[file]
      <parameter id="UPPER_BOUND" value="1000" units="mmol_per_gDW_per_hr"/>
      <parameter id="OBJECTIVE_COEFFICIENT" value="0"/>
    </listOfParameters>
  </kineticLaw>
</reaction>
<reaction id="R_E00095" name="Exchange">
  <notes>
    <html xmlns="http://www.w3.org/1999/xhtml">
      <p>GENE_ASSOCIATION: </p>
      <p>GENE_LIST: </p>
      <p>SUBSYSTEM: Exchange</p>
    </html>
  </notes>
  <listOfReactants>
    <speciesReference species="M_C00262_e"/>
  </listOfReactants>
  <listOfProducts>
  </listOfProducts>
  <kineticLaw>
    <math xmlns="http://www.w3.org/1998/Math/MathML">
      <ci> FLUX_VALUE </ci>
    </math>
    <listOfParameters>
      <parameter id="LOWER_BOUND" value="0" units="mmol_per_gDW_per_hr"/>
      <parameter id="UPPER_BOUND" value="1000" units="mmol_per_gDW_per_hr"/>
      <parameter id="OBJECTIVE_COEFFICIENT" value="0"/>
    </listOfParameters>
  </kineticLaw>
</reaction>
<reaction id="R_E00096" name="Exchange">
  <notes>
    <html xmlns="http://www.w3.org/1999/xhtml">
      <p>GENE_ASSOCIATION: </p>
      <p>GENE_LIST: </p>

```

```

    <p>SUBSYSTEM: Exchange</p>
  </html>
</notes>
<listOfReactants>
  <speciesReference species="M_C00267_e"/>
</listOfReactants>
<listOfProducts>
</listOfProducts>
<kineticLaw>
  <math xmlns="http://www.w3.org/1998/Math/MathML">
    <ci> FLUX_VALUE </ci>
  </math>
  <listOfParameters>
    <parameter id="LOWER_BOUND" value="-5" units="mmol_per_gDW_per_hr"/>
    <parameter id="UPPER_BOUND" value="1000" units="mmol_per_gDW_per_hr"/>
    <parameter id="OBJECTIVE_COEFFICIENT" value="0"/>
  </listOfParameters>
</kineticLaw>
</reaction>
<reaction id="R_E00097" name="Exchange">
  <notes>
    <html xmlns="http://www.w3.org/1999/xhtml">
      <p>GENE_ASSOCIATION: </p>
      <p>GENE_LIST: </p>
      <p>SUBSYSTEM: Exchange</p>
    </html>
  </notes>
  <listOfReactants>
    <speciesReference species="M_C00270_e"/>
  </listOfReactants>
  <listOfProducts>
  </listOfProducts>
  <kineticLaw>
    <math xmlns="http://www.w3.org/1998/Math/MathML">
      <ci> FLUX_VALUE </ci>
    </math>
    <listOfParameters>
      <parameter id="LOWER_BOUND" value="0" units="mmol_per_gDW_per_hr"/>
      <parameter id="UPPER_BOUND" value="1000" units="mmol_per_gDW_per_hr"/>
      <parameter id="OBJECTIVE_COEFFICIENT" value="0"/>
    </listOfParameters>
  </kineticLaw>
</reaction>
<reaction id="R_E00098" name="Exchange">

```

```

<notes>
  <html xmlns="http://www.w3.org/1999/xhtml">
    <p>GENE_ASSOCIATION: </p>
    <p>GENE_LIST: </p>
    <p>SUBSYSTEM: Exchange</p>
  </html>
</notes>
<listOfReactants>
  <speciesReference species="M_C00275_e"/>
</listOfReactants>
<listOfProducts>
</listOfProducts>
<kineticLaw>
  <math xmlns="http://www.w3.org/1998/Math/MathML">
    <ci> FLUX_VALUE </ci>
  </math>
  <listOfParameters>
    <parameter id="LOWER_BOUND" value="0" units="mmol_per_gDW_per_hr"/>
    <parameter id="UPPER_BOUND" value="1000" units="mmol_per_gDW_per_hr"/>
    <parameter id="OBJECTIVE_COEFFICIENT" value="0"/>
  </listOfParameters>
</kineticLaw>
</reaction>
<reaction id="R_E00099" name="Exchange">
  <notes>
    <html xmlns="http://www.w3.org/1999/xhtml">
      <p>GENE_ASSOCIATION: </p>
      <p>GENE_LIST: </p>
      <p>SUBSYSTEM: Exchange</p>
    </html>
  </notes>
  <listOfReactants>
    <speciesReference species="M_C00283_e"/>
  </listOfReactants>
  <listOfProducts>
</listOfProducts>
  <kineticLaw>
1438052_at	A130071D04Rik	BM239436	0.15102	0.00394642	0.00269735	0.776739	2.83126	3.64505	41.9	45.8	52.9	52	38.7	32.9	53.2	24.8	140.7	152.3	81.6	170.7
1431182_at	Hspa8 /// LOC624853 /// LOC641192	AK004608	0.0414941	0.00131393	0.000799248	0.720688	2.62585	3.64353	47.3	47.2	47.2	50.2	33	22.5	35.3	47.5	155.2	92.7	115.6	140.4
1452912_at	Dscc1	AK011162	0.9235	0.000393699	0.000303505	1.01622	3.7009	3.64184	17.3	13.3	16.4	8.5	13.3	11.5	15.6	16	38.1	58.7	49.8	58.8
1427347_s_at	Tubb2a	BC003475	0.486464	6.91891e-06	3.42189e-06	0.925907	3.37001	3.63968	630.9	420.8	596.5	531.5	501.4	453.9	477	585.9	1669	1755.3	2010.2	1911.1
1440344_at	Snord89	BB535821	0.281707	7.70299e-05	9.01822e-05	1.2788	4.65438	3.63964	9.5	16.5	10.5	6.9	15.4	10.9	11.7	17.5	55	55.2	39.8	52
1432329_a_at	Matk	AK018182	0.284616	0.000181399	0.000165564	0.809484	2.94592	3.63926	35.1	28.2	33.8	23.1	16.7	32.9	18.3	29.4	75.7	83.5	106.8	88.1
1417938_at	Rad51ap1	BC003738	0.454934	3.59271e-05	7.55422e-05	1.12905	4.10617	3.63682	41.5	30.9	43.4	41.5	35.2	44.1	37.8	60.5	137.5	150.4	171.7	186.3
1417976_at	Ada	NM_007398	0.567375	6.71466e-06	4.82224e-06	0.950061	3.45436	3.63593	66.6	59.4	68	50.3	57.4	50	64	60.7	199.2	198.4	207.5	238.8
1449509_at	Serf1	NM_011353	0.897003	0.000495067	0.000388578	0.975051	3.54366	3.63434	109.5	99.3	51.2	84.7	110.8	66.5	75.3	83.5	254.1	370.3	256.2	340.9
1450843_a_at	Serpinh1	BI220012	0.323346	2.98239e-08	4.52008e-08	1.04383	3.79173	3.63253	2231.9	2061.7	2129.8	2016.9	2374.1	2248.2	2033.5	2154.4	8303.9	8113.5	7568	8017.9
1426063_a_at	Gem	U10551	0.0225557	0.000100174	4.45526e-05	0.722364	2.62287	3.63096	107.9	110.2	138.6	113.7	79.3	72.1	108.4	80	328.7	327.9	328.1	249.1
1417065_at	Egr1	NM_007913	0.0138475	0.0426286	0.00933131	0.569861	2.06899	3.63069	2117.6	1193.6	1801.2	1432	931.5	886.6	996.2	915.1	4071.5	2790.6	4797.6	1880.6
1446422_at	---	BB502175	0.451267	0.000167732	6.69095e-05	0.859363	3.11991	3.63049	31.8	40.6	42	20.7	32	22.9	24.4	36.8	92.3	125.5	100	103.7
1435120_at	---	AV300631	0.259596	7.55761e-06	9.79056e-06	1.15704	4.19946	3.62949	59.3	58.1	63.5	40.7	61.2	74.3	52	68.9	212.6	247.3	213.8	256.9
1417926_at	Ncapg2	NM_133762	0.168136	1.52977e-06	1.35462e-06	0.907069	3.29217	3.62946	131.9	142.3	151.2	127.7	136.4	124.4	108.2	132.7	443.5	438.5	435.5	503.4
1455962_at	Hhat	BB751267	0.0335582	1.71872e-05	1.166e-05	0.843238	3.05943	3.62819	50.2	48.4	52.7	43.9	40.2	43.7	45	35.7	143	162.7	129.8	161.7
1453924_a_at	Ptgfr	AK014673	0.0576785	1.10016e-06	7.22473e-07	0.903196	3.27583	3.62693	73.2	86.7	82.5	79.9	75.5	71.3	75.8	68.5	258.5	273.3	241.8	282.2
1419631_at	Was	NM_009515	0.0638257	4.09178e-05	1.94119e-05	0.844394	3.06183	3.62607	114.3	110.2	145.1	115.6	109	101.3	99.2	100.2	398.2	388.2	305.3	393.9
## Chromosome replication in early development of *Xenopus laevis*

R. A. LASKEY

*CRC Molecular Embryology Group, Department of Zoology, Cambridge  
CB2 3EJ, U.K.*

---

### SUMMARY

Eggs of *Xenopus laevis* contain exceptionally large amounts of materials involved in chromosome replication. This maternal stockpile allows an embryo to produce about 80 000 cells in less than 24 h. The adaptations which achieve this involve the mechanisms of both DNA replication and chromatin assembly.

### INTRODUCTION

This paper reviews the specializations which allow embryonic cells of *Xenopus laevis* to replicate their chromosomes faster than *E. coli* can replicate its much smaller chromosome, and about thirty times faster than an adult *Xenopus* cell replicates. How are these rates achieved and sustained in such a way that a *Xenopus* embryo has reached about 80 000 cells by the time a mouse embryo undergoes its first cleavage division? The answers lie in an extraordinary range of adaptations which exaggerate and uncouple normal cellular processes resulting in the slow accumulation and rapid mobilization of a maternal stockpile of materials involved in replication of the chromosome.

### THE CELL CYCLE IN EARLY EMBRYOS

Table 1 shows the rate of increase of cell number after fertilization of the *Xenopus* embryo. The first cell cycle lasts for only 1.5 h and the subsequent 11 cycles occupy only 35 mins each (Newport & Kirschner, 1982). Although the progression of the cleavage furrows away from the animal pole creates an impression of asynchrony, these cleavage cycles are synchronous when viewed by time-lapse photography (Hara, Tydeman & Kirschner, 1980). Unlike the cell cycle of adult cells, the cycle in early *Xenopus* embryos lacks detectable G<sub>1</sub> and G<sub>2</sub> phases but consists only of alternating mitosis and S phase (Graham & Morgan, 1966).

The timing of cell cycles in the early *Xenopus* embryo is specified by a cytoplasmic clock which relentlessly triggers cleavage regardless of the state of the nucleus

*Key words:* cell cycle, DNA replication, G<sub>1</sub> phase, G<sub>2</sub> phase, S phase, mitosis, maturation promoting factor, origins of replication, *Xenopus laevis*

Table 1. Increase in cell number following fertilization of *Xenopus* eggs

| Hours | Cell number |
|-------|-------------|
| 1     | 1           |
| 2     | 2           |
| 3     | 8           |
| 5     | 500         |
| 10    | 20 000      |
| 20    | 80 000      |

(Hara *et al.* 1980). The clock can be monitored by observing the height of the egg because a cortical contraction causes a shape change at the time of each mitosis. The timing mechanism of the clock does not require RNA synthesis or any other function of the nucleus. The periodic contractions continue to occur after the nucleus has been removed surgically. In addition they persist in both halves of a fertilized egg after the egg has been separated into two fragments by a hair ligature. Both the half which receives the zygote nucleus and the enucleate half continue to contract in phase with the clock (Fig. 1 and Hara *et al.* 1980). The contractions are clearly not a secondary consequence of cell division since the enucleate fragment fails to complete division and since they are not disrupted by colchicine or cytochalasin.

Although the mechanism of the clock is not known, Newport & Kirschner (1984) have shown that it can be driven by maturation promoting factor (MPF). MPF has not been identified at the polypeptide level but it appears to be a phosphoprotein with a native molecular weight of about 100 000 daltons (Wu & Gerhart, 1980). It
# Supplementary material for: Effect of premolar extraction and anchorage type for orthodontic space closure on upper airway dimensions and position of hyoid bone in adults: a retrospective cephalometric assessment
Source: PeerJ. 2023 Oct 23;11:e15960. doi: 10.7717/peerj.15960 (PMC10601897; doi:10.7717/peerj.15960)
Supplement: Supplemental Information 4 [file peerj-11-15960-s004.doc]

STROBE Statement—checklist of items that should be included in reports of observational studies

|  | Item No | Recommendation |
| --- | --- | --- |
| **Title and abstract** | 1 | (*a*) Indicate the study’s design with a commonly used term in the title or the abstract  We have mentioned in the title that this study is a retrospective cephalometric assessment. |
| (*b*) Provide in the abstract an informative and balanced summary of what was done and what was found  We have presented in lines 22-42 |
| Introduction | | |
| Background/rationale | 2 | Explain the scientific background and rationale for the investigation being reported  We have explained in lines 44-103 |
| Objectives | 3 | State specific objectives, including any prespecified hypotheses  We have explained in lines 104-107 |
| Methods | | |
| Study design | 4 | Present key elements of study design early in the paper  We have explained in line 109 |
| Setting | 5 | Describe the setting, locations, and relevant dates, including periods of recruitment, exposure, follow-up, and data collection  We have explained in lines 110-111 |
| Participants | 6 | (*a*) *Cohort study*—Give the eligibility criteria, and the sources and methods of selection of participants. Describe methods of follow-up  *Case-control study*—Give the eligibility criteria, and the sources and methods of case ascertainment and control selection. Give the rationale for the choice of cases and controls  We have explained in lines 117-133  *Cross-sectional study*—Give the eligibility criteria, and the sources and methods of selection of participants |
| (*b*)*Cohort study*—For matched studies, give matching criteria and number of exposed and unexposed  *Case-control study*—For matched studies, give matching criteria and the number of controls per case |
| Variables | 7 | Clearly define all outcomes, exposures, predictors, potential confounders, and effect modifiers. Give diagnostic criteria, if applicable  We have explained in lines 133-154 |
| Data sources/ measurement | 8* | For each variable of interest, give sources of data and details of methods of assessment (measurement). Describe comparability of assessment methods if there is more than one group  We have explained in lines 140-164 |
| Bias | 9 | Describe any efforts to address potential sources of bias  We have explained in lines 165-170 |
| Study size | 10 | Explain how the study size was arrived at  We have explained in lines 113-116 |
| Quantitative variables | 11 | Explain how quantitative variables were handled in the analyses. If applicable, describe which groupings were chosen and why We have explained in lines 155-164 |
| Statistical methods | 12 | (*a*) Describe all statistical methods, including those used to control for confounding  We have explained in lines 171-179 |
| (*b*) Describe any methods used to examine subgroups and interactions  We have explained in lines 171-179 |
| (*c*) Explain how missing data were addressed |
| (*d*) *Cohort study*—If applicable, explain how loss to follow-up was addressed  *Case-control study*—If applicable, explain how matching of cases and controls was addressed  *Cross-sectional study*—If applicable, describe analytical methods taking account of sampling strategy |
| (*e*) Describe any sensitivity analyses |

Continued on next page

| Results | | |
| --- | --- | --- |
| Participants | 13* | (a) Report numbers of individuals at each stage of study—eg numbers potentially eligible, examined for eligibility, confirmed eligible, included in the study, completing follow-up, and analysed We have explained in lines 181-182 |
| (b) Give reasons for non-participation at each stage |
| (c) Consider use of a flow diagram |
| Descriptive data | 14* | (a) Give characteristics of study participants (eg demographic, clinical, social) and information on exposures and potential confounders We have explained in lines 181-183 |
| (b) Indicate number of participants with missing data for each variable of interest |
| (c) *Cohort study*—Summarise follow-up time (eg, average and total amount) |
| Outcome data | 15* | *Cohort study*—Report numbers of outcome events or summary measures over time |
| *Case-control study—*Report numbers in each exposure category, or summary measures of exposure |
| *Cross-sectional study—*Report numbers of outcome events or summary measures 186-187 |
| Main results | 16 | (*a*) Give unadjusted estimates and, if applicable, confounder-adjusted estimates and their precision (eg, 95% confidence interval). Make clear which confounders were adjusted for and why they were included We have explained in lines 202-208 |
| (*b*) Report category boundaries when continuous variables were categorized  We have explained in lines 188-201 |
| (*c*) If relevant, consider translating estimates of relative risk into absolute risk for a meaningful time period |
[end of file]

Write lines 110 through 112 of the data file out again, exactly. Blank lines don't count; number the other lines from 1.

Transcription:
      <p>GENE_LIST: </p>
      <p>SUBSYSTEM: Exchange</p>
    </html>